Good Investing********Ron Starr****************

Is positive cashflow possible on a new home? - Posted by Chip

Posted by Chip on September 06, 2003 at 20:30:14:

I’m in the process of buying my first investment property. It’s a new home in AZ, which I plan to use as a rental. It’s supposed to have positive cash flow. What makes me fairly confident is that a friend of mine recently did the exact same deal and his property is cash flowing, although barely.

But the reason I’m confused is that I just read on John T. Reed’s website that it’s almost impossible to cashflow a rental property. Is this true? How common (or uncommon) is positve cashflow on rental properties?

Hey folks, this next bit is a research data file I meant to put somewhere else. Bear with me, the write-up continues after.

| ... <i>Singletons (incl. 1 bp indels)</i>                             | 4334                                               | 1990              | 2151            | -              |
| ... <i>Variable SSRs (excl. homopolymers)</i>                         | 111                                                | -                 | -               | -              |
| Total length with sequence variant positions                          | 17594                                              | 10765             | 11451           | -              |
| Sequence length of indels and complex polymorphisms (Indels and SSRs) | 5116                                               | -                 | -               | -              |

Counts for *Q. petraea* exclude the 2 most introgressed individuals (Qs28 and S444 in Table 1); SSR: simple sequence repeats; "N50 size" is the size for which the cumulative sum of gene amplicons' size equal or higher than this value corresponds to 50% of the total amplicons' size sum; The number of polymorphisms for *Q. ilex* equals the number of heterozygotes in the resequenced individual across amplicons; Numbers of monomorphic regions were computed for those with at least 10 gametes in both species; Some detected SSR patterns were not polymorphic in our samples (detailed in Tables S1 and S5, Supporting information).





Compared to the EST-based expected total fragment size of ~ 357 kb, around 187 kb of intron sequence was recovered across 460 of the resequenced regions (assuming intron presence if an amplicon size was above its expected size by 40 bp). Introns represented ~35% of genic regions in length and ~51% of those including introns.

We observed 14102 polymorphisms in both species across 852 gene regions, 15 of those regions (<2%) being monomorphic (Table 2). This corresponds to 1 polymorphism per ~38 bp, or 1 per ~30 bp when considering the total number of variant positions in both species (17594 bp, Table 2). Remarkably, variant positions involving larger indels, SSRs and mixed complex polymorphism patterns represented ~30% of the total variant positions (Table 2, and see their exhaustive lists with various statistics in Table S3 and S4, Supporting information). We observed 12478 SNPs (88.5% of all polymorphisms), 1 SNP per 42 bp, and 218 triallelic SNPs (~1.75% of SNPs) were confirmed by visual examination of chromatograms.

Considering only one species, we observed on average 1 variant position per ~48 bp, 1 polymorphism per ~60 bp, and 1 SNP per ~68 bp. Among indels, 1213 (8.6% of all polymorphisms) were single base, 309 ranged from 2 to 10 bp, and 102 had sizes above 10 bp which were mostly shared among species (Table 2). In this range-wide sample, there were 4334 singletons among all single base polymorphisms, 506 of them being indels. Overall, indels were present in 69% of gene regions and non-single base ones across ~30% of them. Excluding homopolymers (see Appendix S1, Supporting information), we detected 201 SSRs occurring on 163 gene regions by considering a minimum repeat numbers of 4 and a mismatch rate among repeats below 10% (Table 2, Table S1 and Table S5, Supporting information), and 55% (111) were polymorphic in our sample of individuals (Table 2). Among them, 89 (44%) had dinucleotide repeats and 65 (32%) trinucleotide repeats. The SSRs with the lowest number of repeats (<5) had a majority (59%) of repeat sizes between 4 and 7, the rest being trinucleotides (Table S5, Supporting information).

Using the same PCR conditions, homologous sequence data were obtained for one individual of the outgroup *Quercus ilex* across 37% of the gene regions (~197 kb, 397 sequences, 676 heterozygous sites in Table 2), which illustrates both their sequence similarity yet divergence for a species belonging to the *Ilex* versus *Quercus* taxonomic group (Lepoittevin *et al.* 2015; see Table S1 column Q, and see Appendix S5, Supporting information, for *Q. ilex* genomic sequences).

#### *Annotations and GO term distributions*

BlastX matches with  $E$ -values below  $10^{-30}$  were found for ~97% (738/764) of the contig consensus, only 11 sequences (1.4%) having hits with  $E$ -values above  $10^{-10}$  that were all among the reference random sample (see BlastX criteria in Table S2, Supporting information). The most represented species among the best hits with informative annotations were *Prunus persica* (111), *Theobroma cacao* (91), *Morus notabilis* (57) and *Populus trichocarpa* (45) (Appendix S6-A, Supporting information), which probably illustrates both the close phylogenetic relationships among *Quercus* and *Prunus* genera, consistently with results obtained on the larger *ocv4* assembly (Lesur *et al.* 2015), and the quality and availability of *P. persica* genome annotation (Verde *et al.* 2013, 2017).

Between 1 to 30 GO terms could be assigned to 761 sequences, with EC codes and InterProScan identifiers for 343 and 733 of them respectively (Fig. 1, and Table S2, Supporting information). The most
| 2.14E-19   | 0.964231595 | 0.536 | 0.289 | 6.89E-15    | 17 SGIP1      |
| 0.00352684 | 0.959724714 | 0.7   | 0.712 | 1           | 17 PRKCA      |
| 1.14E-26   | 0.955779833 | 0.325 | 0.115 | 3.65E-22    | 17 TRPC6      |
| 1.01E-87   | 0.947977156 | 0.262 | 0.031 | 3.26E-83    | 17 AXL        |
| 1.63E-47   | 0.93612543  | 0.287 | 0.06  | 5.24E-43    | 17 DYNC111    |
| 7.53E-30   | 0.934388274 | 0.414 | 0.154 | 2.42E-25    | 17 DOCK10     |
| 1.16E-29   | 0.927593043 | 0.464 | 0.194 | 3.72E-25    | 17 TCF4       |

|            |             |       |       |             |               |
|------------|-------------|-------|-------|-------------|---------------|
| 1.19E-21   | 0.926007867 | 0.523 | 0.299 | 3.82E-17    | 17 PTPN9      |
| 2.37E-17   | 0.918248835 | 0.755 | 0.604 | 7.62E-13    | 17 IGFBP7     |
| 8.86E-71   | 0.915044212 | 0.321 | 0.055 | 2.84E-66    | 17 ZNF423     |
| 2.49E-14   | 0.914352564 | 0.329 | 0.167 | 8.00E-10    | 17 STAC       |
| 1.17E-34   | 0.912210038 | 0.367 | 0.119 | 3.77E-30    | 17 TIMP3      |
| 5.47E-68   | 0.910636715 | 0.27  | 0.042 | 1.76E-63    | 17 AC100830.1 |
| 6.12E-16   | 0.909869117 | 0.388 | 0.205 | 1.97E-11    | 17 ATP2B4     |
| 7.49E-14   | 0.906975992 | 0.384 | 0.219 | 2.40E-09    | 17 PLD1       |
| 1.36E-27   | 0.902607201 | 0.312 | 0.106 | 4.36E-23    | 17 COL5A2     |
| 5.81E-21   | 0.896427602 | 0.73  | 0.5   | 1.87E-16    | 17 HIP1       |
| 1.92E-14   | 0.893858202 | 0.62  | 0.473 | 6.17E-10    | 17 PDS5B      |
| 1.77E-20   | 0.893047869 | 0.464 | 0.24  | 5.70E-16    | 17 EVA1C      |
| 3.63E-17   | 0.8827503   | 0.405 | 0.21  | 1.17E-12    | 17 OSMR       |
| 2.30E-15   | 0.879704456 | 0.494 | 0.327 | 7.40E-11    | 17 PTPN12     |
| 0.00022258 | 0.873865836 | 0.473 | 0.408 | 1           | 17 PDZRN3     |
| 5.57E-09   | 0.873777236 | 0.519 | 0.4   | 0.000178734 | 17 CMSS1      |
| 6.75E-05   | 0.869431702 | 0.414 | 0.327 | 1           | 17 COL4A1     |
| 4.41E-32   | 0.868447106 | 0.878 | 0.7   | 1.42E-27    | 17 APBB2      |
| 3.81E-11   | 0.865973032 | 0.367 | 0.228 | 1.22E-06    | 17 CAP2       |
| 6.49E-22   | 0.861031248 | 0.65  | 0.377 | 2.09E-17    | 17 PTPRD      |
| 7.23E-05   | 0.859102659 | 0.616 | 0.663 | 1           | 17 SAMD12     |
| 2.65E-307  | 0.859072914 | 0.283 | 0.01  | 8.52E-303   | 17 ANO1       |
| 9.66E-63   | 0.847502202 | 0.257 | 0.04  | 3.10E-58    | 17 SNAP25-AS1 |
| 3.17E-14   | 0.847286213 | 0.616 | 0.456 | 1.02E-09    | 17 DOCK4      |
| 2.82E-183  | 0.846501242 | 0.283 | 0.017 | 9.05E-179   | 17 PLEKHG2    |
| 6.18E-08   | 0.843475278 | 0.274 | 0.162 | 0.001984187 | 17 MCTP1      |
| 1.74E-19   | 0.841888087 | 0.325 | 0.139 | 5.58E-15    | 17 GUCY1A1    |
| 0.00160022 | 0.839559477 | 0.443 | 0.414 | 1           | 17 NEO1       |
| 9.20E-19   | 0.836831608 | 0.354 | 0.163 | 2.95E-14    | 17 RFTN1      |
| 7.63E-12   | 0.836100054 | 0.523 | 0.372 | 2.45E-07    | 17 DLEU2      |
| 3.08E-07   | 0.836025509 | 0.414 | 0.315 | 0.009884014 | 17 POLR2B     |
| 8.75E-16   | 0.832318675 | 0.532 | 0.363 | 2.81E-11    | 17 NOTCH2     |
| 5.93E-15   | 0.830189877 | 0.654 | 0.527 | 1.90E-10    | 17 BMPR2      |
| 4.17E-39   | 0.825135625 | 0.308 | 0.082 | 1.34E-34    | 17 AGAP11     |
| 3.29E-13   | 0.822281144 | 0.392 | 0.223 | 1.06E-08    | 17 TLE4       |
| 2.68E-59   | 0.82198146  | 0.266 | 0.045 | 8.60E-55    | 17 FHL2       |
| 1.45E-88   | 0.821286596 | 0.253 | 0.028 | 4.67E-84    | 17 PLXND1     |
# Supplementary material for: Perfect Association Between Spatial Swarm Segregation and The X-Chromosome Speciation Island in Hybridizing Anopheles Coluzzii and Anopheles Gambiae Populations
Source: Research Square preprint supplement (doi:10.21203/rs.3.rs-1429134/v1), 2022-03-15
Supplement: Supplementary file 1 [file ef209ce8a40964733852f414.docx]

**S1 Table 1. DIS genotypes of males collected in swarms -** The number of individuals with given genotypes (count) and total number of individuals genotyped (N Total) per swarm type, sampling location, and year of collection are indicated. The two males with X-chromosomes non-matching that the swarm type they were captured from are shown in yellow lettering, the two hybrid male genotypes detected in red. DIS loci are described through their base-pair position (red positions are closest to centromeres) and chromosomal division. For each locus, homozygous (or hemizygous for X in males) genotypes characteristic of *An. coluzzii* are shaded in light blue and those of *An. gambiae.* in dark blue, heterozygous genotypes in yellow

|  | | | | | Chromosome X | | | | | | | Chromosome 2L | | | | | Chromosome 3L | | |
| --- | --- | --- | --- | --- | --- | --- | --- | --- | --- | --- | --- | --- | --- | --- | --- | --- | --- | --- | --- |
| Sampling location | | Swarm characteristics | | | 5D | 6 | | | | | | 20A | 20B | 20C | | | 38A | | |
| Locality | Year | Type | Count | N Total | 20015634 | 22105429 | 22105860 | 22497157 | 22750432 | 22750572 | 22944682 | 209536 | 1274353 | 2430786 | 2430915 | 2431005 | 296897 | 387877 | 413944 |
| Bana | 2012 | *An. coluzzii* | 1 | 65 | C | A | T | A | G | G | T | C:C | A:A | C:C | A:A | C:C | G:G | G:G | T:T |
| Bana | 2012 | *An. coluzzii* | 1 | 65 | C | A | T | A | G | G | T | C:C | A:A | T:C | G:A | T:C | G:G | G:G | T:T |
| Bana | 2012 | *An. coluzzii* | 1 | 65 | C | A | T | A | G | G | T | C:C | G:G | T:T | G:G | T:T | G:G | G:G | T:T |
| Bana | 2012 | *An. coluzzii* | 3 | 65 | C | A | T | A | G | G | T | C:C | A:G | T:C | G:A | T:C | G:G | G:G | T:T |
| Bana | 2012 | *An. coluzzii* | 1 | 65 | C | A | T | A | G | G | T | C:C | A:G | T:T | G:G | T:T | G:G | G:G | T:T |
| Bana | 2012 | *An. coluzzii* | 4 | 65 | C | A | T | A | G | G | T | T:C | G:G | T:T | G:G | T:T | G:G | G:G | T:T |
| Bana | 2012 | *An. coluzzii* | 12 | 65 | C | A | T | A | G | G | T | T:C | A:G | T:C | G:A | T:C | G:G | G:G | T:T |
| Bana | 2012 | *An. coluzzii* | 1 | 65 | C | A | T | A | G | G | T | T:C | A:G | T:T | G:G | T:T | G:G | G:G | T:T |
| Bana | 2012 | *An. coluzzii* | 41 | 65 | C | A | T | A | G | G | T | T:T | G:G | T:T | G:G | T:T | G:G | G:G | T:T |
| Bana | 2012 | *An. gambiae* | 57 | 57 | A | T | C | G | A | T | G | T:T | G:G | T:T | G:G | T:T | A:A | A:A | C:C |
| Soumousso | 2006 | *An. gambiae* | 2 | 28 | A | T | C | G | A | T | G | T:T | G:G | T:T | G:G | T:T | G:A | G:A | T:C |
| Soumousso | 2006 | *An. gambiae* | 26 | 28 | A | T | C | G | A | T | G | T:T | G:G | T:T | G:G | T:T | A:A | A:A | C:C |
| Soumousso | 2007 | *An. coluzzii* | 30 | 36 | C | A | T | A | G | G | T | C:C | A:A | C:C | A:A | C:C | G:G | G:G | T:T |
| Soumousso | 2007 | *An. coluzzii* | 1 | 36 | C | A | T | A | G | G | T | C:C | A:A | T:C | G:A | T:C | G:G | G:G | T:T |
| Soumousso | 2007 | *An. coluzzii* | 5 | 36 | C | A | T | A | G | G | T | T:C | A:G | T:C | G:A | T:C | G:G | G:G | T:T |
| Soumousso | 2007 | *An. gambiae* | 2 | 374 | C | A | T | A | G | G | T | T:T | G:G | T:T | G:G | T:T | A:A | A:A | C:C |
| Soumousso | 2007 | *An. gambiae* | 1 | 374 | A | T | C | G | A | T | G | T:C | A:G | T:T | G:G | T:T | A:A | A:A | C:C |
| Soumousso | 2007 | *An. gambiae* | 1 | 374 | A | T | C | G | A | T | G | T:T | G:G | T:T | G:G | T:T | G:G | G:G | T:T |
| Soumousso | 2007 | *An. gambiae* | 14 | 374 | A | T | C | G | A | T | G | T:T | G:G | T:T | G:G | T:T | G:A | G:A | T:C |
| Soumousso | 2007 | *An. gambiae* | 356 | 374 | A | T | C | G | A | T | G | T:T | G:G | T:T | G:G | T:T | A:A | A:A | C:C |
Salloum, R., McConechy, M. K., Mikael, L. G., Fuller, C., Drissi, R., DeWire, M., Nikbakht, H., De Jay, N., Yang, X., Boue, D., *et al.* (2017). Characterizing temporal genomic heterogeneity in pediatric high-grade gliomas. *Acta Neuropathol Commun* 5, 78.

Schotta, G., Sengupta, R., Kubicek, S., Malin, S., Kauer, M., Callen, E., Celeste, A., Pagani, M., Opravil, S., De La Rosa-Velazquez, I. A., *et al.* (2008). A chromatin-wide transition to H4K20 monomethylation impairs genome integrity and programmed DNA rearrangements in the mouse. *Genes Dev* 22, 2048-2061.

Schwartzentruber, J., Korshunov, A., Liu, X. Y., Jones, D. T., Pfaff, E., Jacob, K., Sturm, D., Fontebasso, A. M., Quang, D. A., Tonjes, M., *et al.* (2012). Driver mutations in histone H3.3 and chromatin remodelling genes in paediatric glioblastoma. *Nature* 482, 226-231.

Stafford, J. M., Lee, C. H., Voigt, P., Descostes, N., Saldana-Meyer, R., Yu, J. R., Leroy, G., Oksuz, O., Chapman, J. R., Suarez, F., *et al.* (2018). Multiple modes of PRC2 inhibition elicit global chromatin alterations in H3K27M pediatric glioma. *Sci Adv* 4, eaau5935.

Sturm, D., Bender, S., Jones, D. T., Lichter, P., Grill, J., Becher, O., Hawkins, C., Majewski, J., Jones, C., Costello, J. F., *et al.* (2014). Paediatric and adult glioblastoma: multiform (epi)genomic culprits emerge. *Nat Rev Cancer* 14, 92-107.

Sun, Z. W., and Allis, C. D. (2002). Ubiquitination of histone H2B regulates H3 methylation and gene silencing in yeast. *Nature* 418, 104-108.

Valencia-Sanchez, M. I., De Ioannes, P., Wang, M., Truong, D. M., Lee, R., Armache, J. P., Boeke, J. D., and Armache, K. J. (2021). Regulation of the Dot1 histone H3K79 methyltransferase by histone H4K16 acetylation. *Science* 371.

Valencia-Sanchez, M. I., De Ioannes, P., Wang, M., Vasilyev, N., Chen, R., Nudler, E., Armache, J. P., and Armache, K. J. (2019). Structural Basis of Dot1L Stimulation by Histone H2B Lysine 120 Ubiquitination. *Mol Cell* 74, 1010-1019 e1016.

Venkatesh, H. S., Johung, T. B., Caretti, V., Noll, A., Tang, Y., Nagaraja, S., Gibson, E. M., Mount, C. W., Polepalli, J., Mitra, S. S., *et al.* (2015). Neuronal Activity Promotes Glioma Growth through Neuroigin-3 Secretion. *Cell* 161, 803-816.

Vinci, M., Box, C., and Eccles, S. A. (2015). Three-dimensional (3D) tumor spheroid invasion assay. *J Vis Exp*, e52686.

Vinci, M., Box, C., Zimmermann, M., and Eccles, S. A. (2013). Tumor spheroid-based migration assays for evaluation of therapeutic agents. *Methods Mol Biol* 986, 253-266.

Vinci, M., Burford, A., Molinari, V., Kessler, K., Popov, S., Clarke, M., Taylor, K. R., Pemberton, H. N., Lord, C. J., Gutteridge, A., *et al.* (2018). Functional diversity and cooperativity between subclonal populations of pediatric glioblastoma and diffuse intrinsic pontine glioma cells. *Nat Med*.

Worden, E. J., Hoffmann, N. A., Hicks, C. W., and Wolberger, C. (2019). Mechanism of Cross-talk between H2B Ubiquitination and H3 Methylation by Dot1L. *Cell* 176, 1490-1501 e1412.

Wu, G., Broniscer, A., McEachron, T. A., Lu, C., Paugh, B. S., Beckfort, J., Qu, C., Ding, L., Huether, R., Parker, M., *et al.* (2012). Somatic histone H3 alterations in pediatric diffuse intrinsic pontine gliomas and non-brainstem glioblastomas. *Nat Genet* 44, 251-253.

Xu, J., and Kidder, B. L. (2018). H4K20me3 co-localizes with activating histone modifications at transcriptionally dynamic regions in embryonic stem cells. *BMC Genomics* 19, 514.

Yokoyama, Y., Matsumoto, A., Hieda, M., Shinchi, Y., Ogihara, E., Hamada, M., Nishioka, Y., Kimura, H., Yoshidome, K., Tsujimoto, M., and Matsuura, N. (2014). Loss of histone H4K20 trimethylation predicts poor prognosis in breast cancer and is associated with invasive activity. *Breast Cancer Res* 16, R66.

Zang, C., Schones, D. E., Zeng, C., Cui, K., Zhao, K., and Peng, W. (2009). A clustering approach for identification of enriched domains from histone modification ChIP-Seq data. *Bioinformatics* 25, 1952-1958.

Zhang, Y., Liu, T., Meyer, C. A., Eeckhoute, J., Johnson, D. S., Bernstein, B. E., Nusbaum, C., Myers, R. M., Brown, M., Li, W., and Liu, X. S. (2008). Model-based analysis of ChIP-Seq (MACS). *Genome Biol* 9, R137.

Depends… - Posted by randyOH

Posted by randyOH on September 06, 2003 at 21:37:36:

You probably already know this, but it really depends on how much you put down. Any property will generate a positive cash flow if you put enough down.

If you are talking about no downpayment, then you will need a monthly rent of about 1% of the cost of the house to break even. And this assumes a low interest rate on your mortgage, say 6%. So if the house costs $150,000, you will probably need to rent it for $1,500 to break even.

Good luck,

Re: Is positive cashflow possible on a new home? - Posted by Ronald * Starr(in No CA)

Posted by Ronald * Starr(in No CA) on September 06, 2003 at 21:25:51:


He is generally right about that, at least related to single family properties. If you really put in all the expenses, you probably will find out that it is a negative cash flow, before taxes anyway.